How to fix ‘Host key verification failed’ SSH Error

This guide will help resolve SSH connection issues that produce the following error:

Someone could be eavesdropping on you right now (man-in-the-middle attack)!
It is also possible that a host key has just been changed.
The fingerprint for the RSA key sent by the remote host is x.
Please contact your system administrator.
Add correct host key in /ua/username/.ssh/known_hosts to get rid of this message.
Offending RSA key in /ua/username/.ssh/known_hosts:5
RSA host key for has changed and you have requested strict checking.
Host key verification failed.

What Is Happening

This error occurs when the target server you are trying to SSH into has been rebuilt or had it’s RSA key changed since the last time you connected to it. Whenever you connect to a server via SSH, that server’s public key is stored in your home directory (or possibly in your local account settings if using a Mac or Windows desktop) file called ‘known_hosts’. When you reconnect to the same server, the SSH connection will verify the current public key matches the one you have saved in your ‘known_hosts’ file. If the server’s key has changed since the last time you connected to it, you will receive the above error.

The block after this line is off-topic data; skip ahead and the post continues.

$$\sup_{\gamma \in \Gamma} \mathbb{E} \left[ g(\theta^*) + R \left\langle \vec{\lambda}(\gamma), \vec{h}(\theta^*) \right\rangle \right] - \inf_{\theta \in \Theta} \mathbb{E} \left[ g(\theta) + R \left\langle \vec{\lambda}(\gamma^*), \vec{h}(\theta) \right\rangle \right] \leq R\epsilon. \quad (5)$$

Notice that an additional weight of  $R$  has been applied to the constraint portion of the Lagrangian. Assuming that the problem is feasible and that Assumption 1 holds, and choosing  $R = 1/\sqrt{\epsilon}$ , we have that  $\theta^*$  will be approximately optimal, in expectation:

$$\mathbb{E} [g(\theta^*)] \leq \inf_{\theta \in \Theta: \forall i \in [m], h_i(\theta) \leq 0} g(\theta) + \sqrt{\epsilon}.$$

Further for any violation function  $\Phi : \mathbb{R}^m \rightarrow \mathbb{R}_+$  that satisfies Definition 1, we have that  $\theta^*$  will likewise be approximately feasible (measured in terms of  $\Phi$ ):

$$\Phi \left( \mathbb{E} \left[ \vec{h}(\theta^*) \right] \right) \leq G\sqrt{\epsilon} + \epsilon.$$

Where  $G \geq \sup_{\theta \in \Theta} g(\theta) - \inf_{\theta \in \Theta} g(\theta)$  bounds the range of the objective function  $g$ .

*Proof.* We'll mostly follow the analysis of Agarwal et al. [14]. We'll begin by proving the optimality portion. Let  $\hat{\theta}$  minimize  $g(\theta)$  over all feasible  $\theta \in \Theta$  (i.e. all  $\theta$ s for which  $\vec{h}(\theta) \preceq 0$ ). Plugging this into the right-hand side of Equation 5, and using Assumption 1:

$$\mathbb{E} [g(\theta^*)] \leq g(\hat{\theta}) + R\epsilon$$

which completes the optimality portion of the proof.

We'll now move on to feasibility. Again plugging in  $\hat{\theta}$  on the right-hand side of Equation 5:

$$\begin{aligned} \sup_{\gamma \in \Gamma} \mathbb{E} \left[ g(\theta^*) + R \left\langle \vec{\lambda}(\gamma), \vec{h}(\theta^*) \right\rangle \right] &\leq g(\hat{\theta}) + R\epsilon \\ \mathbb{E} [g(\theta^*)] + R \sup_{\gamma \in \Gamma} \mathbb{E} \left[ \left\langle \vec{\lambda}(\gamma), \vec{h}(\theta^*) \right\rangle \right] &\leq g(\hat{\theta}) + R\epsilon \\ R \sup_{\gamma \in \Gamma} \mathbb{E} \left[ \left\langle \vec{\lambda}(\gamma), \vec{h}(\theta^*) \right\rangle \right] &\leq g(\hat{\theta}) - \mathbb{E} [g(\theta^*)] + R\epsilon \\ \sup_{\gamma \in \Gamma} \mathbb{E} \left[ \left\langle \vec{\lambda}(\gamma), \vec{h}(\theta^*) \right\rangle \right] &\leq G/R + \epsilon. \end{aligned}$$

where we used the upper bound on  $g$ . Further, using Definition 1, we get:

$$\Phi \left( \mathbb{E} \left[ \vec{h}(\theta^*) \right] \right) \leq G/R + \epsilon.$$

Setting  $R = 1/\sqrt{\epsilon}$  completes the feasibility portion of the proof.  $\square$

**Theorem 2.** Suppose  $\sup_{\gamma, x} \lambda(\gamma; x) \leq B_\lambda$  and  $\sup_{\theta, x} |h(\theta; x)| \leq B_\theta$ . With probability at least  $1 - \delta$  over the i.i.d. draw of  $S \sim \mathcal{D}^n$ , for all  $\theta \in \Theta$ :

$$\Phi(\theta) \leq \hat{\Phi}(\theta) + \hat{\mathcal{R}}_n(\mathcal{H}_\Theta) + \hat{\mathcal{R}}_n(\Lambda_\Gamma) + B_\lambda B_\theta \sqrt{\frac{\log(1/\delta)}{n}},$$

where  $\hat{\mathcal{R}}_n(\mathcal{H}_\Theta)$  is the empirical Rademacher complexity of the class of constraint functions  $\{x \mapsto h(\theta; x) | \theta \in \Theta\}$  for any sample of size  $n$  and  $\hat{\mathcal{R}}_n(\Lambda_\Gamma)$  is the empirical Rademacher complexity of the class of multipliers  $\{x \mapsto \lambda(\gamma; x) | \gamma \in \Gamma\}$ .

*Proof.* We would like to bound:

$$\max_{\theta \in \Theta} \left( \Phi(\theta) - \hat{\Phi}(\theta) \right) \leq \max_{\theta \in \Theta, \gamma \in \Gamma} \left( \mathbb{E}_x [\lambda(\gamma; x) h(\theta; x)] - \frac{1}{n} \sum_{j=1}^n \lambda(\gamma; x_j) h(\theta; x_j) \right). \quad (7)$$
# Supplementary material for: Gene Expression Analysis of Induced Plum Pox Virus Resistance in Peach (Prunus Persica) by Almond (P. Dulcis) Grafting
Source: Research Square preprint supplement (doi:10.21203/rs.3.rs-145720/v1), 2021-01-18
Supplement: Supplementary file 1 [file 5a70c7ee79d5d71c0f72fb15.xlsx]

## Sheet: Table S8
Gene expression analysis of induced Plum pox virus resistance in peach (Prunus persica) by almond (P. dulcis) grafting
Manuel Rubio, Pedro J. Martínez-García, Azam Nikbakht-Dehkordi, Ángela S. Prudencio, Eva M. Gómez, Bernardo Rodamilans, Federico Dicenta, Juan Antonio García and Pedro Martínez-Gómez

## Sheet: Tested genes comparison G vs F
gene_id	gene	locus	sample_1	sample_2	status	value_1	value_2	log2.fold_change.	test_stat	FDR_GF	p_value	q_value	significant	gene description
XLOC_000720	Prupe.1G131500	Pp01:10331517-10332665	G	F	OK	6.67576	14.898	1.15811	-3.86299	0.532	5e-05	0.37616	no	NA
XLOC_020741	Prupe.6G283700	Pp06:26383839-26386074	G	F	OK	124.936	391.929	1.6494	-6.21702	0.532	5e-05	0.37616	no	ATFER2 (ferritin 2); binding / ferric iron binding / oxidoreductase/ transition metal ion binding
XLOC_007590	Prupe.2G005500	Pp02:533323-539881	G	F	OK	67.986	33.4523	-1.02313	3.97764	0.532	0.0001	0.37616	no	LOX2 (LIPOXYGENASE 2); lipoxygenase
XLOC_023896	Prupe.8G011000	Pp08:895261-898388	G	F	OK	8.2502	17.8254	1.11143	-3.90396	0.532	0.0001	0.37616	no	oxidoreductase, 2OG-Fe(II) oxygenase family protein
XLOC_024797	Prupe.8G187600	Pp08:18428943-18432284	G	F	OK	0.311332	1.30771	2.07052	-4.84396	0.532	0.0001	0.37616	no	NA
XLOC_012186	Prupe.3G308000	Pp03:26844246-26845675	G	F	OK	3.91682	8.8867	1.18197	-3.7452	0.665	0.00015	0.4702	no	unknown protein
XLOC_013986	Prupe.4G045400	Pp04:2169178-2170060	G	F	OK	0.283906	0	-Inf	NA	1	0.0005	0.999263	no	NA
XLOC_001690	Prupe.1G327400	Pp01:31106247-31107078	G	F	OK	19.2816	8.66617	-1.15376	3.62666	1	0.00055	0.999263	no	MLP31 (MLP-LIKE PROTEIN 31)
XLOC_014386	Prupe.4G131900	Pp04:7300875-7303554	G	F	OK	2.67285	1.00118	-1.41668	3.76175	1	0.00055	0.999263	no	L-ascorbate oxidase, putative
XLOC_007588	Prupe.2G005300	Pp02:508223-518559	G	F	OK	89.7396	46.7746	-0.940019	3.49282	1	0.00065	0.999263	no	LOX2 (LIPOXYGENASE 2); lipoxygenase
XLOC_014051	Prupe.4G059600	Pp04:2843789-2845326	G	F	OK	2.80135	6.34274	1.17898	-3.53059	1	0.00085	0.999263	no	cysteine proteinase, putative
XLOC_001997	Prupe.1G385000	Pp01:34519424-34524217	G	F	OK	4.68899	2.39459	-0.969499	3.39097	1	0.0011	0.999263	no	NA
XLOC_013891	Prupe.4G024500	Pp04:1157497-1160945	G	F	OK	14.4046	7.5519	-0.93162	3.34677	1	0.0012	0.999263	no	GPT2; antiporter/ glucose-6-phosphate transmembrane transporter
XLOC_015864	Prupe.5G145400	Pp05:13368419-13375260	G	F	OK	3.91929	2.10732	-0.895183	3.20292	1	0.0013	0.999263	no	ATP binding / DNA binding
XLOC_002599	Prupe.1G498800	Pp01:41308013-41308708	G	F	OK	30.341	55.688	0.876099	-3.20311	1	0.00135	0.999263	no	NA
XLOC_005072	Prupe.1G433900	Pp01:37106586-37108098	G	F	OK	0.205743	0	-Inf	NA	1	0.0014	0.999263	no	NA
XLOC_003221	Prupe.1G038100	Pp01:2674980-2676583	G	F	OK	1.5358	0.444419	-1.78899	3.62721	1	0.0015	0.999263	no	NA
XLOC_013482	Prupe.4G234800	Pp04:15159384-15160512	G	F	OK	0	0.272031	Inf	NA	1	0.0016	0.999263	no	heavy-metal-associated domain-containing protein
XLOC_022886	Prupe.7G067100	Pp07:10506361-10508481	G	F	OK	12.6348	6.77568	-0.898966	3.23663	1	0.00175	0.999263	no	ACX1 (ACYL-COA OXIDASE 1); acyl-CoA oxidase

How to Fix It

While contacting your system administrators when any odd warning message occurs is a good idea, you are safely able to resolve this issue yourself:

  1. First locate your ‘known_hosts’ file, and open in a general text editor. The error will often give you the location of the known_hosts file you need to change, as in the example above:
    Offending RSA key in /ua/username/.ssh/known_hosts:5

    1. Linux users will find this file in their home directory, in the ‘~/.ssh/’ directory
    2. Windows users have several places this can be changed. Common places are ~\Users\~\AppData\Roaming\_ssh\ or the SSH client’s configuration settings
    3. Mac users will find this in either their local account’s ~/.ssh folder, or their network home directory as with Linux users
  2. Remove the line containing the host name of the server you failed to connect to. In the example above, :5 indicates the server is on line 5 of the known_hosts file
  3. Save the known_hosts file after removing the offending key line
  4. Attempt to establish the SSH connection again. Once connected, you will see a new entry is created for the server in your known_hosts file

If you would like assistance with this process, or are concerned the server’s public key change is not intentional, please contact BCG support.